Winter driving in Fulton County can be a free-for-all on wheels, but a little patience and a lot of common sense can significantly cut the risk factor in seasonal weather.
It happens every year, said Fulton County Sheriff Roy Miller. During the first fresh snow of the year “it seems like people forget the basics of how to drive. During that first snow we’ll have 15 accidents.”
It’s only after the first snowfall that motorists remind themselves and each other they need to slow down to better navigate slick roads, he said.
If a vehicle does begin sliding in winter conditions the driver needs to remember, “With technology, it’s not like it used to be,” Miller said. He said it’s important to keep a steady foot on the brake pedal, rather than pumping it in an attempt to stop.
If a driver becomes stranded in snow without a cell phone available, remaining in the vehicle is the best way to stay protected. Miller said it’s important to keep the vehicle running, and to make sure snow isn’t plugging the exhaust pipe so deadly fumes can’t enter the interior.
He said if a motorist chooses to stop and help a stranded driver they should pull off the road in a safe, unobstructed manner. After exiting their car they need to closely guard against being struck by passing traffic.
“If you’re going to check on somebody, watch yourself, too,” he said.
National Safety Council spokesperson Maureen Vogel said with the advent of anti-lock braking systems (ABS) on vehicles “you don’t pump the brakes anymore. Trust that ABS system is going to work the way it’s designed to.”
She said it’s important that drivers are aware of five critical technologies modern vehicles have: anti-lock brakes, which help significantly when driving on ice; adaptive headlights that adjust to the outside environment; traction control, which helps on icy roads and snow; a warning device that advises the driver of sudden shifts in the outside temperature; and electronic stability control.
Vogel said most of those features are becoming standard on vehicles.
“This technology can save us from the mistakes we used to make (driving in bad weather). They can mitigate a lot of the risks we used to have,” she said. “Winter crashes tend to be more dramatic, more serious. That’s reason enough to understand the technology in your car and equip yourself.”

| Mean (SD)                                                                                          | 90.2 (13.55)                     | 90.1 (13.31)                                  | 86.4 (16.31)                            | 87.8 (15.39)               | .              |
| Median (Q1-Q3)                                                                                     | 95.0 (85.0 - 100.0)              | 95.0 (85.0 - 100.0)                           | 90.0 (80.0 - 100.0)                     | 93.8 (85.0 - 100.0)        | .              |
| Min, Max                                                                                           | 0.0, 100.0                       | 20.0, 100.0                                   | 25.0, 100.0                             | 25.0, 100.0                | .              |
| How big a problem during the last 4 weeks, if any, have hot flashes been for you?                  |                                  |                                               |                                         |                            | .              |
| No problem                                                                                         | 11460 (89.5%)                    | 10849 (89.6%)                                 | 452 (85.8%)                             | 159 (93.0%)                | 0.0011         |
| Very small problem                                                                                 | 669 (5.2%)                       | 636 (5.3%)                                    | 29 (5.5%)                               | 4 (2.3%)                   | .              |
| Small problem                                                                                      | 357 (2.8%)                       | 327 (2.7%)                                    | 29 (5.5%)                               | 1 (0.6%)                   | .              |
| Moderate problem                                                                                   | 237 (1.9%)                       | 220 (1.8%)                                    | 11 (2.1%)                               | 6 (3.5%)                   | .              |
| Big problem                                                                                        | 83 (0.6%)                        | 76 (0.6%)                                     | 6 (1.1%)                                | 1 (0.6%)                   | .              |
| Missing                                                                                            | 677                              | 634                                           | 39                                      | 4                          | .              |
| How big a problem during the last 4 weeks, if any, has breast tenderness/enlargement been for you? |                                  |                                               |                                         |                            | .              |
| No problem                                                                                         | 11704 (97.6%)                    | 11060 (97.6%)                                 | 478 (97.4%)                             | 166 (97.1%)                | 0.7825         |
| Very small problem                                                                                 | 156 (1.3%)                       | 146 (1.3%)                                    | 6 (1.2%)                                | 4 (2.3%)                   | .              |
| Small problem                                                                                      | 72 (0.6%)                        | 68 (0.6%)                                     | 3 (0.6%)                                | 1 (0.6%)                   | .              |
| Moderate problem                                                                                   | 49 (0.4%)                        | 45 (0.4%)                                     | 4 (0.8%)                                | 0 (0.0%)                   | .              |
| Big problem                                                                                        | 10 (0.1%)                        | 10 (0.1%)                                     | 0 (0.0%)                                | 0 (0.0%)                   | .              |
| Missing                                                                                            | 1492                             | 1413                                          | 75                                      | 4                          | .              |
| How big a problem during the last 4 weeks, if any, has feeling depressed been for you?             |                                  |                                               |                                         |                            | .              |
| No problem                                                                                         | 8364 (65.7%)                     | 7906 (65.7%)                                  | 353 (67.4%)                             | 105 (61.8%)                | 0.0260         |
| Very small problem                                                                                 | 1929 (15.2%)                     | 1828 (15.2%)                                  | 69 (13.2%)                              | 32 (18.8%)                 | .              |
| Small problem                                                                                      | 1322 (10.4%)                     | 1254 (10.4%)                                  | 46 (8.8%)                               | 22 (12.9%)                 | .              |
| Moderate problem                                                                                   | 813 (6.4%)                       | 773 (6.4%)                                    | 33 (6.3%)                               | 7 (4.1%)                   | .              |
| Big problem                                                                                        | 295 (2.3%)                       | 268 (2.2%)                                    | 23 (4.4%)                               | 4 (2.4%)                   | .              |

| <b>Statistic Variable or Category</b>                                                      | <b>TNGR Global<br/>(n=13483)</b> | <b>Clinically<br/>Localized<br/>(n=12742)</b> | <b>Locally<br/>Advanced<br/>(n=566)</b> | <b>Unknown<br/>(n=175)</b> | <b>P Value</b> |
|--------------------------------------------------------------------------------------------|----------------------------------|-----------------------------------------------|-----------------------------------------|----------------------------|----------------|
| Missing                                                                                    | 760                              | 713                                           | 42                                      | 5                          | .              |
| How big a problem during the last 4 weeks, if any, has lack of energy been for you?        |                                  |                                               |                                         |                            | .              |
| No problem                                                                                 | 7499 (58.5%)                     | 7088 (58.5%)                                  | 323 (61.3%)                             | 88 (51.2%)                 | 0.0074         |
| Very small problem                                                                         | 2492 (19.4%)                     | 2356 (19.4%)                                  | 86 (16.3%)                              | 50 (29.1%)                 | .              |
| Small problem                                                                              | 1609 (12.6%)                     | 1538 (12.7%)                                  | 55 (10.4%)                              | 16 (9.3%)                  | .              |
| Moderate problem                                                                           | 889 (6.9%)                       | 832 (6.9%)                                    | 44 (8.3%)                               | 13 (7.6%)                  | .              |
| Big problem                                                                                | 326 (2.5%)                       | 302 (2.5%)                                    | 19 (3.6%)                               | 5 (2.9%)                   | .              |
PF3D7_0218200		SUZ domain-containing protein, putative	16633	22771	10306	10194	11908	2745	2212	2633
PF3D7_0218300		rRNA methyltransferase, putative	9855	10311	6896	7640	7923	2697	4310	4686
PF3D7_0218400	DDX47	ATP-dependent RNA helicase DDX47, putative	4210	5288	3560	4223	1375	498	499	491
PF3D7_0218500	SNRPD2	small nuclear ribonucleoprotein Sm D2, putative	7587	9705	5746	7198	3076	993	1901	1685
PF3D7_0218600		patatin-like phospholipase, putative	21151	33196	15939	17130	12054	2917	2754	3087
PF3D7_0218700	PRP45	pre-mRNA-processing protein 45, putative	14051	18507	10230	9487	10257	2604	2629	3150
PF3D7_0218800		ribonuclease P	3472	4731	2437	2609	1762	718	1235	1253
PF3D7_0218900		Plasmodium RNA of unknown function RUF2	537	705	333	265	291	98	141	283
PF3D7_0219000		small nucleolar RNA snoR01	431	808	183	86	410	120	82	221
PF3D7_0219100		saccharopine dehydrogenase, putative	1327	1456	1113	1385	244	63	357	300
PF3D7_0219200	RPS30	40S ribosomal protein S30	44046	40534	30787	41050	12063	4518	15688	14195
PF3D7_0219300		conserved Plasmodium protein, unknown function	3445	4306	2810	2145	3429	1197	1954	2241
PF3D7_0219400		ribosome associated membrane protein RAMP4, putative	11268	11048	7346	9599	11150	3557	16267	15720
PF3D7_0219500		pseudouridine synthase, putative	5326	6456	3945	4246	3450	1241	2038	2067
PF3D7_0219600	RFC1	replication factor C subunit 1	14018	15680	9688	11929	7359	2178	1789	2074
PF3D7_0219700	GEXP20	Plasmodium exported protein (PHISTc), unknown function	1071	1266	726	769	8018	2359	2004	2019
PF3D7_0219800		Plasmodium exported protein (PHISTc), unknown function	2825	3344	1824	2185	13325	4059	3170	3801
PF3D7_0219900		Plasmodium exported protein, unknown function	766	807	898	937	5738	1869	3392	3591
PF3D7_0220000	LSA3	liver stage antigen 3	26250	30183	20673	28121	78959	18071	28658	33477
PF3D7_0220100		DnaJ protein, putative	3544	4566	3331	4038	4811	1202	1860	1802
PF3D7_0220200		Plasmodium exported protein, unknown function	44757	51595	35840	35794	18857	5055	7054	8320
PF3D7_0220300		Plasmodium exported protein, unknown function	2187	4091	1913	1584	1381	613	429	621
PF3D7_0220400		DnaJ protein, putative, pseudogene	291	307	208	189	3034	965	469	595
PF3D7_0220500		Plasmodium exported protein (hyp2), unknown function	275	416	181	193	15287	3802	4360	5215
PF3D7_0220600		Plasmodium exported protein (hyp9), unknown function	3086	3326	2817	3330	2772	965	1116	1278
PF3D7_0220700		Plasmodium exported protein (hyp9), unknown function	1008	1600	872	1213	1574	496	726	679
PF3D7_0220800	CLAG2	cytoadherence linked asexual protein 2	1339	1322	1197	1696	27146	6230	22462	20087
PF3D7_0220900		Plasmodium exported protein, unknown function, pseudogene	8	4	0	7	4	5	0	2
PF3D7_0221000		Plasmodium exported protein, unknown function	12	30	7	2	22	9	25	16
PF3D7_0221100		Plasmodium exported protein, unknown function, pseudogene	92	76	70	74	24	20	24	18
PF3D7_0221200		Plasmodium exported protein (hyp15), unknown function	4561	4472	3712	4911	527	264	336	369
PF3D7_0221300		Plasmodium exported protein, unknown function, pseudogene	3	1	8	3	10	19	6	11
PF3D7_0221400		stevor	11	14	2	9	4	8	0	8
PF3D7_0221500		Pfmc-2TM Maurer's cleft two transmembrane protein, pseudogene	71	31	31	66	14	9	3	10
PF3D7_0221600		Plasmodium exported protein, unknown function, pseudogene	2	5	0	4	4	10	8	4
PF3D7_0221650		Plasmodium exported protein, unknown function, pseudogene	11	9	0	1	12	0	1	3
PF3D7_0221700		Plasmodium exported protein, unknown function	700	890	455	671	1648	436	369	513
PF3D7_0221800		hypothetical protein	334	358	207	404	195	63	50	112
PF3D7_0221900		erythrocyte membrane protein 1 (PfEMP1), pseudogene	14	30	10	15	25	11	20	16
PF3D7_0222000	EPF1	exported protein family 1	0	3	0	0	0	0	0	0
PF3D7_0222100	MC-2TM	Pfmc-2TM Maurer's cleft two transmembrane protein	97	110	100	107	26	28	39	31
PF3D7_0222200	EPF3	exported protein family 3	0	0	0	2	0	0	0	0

She said one mistake technology can’t correct is when a driver fails to inform someone else of their driving plans and their estimated arrival time.
“You should always tell somebody what your plan is, and when you plan to arrive at your destination,” Vogel said. “Even in this day and age of cell phones, that’s something we should do if we’re headed into inclement weather.”
The National Safety Council also recommends keeping flares and an extra gallon of gas in a vehicle during winter months, and having a passenger along if the trip is on long stretches of highway.
And make certain the vehicle is equipped with a winter driving kit, said Rachel Kinsman, Fulton County Safe Communities coordinator. Cell phones aren’t foolproof, and help might not be immediately available.
Wise motorists stock their trunks during the winter with kitty litter for tire traction, a small shovel, a flashlight, an extra pair of gloves and hat, an ice scraper, a blanket, jumper cables, and, if possible, flares or an orange, triangular “caution” sign. Drivers should also stock up on bottled water and non-perishable foods like granola bars.
It’s a mistake to presume being stranded is improbable, Kinsman said. “People are probably thinking, ‘It’s not going to happen to me.’ Just as a general winter preparation, they might not think about it too much. It’s better to have (a kit) and never have to use it.”
She agrees it’s much safer to remain in the vehicle, which provides temporary shelter. Attempting to walk for help can be dangerous, especially if walking along a roadway or in a heavy, disorienting snowfall.
Being a hurried driver during winter can be a recipe for disaster, she said. Plan accordingly for extra time to reach a destination, always wear a seat belt, and accelerate and decelerate the vehicle slowly.
The best protection is to stay home when driving conditions are sketchy, Kinsman added. “If you really don’t have to go out, don’t. Even though you may be well-equipped to drive in the snow, others may not, and could involve you in an accident.”
Reach David J. Coehrs at 419-335-2010.